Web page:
Paul Jarley:                         Because these apps, right, will have information to some really interesting information on you that companies would really want to purchase. So the role of big tech and all of this. Yeah, well Facebook’s been talking about creating its own crypto currency, for example. Back when I was in graduate school, I taught in a maximum security federal prison. And one of the ways that people got into it is they created their own currency. The government really, really frowned on that, as it turned out. But what about that?

Christo Pirinsky:               I think they’re very good questions. And this is something which makes U.S. very unique and different from Europe is big tech. So, as much as the government might not be as involved in this process in U.S., big technology firms are, and they actually serve in a way perhaps similar role. And if it, as you mentioned, like Apple was technically in a war with Visa and MasterCard over Apple Pay, and they were able to actually push it forward. And so in some sense big tech here because it’s so big and so powerful, it’s almost serves the role of a government in a way, right? So there again, it is a powerful entity which plays with banks in this field, and Europe doesn’t have that. And I think it will continue to be very important.

Christo Pirinsky:               In Amazon simply because we talk about open banking, but it’s not just about banking. I mean, Amazon probably has more information about all of us than any bank in the world. So it’s about hospitals, and it’s about health care, and online, and Facebook, and social media. So they are actually in this space. They are very important, the big tech companies, and they would push a lot of innovation in this.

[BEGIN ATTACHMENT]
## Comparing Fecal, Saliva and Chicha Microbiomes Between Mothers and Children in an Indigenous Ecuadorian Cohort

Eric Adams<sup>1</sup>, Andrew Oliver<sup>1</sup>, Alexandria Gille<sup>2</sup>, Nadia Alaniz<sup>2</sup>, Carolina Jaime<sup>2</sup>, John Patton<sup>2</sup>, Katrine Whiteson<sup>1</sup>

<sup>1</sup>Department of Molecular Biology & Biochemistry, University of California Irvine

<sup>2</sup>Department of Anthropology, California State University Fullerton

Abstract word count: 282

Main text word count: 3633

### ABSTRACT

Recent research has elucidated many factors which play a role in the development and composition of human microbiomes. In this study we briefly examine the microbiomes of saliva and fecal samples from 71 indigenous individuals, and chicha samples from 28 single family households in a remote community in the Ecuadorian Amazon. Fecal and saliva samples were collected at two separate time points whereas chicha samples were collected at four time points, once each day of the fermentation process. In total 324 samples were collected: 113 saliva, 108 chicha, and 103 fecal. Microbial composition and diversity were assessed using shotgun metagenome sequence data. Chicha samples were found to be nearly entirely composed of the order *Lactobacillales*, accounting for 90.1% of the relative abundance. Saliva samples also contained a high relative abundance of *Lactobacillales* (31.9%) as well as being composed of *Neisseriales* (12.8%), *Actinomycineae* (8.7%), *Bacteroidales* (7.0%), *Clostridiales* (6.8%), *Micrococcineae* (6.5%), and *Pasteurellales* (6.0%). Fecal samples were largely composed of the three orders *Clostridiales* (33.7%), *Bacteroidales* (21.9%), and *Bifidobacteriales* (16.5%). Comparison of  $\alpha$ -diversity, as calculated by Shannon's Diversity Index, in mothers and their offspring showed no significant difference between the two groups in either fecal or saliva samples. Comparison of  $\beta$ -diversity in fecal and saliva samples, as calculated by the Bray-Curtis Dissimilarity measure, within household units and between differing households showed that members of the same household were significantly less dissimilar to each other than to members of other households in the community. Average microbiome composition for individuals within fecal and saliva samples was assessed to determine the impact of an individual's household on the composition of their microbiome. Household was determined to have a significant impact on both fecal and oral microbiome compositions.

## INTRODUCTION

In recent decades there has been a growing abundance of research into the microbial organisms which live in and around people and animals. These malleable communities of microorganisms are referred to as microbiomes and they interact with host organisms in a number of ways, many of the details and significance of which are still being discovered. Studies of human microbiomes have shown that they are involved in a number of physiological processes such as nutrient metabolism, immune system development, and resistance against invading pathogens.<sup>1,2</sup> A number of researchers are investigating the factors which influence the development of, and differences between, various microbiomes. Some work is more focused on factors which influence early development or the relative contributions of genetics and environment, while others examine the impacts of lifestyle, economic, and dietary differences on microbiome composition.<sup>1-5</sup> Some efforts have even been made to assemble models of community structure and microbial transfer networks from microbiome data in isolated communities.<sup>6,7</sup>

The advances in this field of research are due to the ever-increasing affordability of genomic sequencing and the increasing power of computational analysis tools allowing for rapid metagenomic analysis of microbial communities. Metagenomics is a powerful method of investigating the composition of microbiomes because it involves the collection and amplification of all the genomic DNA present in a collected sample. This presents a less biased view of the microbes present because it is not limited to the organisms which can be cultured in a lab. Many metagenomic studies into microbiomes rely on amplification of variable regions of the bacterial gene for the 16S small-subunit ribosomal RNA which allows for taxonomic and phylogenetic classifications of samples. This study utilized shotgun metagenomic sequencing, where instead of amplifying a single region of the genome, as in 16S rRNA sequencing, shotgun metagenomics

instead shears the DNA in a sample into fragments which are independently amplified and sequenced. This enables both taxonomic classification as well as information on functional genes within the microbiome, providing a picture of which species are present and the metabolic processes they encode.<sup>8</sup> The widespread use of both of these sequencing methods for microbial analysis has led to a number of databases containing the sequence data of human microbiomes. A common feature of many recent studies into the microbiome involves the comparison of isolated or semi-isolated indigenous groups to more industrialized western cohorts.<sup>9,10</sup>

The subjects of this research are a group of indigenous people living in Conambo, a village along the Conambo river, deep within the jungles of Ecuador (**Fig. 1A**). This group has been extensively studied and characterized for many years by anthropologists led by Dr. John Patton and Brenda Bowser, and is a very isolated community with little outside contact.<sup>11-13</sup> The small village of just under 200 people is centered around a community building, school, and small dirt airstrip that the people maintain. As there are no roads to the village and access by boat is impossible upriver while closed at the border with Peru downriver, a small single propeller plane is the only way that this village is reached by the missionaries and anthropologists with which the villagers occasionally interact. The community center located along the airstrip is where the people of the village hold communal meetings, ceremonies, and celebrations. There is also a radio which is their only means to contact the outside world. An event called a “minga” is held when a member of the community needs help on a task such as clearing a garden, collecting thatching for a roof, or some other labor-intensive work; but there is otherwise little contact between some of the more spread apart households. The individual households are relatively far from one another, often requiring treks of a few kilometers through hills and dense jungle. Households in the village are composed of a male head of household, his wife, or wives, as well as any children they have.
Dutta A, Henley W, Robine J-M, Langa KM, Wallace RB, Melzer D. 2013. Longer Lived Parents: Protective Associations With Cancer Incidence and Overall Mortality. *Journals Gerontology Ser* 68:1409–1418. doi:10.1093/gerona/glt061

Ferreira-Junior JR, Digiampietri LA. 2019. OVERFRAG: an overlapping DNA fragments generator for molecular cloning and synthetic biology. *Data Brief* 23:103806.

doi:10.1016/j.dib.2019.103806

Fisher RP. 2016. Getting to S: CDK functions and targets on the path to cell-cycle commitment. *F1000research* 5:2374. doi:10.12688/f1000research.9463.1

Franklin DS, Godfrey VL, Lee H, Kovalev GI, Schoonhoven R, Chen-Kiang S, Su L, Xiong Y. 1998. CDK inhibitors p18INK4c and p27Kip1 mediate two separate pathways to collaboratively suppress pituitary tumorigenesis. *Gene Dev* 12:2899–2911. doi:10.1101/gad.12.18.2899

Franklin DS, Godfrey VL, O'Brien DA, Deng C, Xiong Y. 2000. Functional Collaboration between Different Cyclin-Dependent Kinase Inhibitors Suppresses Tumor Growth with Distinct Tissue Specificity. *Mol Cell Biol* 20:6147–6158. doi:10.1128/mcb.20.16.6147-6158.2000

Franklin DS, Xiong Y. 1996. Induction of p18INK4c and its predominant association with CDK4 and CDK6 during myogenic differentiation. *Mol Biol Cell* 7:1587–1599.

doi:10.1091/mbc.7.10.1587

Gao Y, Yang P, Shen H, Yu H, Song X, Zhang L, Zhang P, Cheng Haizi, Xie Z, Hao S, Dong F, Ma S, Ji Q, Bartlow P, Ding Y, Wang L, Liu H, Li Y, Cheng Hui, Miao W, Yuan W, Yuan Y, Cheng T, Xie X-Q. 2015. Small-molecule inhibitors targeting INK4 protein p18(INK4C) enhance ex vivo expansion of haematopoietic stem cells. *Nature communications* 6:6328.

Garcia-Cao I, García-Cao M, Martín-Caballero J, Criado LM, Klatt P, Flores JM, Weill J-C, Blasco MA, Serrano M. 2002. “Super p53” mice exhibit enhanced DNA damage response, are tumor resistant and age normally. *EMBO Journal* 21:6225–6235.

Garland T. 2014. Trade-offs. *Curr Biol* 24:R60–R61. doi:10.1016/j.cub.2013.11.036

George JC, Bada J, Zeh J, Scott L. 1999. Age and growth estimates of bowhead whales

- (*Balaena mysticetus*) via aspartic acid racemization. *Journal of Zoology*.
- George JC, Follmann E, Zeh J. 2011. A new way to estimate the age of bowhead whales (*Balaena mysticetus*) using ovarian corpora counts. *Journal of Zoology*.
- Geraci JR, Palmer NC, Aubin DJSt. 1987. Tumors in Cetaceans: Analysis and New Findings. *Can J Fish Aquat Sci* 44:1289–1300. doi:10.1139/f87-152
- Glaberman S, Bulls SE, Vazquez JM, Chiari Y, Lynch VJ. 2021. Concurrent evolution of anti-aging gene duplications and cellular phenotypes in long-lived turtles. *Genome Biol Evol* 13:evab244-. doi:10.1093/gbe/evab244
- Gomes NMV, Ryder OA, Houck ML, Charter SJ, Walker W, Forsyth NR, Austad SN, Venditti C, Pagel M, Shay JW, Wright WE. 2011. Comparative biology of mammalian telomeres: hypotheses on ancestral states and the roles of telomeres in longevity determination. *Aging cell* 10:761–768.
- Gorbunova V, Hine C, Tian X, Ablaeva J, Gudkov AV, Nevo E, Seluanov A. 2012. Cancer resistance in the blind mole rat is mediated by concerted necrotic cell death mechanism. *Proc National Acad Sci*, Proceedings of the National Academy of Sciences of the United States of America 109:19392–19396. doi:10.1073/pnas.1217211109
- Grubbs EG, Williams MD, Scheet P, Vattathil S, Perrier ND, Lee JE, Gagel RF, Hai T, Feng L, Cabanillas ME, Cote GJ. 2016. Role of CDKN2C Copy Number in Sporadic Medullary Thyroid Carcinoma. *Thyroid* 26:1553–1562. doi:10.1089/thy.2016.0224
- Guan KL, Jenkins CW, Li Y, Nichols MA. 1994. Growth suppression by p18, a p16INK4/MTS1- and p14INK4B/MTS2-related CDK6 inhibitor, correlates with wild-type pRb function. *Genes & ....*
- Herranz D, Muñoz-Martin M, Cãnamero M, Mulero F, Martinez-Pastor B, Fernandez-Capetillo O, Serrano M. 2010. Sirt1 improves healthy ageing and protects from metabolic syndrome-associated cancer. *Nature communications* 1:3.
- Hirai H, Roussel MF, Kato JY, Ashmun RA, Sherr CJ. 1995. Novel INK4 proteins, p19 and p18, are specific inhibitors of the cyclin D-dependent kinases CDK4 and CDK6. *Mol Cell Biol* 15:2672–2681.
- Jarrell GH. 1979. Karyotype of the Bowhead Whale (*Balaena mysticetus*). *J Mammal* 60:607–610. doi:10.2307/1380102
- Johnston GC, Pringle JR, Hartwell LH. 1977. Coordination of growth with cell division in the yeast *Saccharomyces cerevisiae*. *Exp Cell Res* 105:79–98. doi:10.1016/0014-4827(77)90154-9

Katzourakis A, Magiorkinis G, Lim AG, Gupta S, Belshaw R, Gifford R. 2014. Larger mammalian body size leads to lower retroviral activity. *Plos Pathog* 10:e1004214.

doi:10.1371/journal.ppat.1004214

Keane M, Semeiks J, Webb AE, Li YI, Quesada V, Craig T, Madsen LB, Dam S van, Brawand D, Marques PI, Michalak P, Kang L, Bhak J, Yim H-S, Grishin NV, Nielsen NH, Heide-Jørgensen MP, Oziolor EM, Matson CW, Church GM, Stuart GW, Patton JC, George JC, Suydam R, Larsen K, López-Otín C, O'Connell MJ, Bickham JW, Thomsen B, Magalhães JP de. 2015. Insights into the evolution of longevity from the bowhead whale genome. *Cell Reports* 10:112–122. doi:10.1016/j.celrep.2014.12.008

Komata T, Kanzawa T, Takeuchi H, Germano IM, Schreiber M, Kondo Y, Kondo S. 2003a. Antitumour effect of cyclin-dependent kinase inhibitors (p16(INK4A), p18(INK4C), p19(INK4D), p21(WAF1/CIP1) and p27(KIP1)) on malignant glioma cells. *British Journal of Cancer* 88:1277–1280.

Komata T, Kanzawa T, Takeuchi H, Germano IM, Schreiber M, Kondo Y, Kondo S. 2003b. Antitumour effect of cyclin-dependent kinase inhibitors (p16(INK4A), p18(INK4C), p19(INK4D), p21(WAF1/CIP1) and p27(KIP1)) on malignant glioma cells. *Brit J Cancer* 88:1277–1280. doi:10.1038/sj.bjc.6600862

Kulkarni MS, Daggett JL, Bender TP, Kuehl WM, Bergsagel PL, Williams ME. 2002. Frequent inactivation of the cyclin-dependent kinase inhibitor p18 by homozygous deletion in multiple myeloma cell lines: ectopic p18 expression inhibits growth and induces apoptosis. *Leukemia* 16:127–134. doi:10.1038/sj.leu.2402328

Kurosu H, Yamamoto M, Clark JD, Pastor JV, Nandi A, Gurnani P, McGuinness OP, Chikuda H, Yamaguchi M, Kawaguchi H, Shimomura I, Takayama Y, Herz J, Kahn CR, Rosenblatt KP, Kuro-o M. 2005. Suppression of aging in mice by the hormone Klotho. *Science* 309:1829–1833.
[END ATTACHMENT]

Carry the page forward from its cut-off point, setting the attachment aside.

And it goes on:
Christo Pirinsky:               Yeah and most of our big tech companies are very big into AI, and not all AI is created equal. So some of this AI is going to be much more intelligent than others. So they would know more about you than say a startup that has just made its own AI. And then someone was giving me a problem that I want to find out if my consumer is going to leave my bank. If you are a tech company and you have access to their social network and you know four of his friends have already left this bank, you know that this person is more likely to leave this bank than from his financial data.

Paul Jarley:                         What’s going to make or break the open banking initiative? What’s the biggest threat faces to just go down in flames?

Charlie Lai:                          In the U.S., lack of regulation.

Paul Jarley:                         Tell me more about that.

Charlie Lai:                          I think that’s the power for this to thrive here. If that doesn’t happen, then there’s really no motivation for the industry to embrace a standard that’s adopted by really everybody. I think the biggest entities will pursue this, and they’ll innovate for their own benefit, for their own objectives, and that really stifles a lot of the spirit of competition, what’s behind the sense of open banking.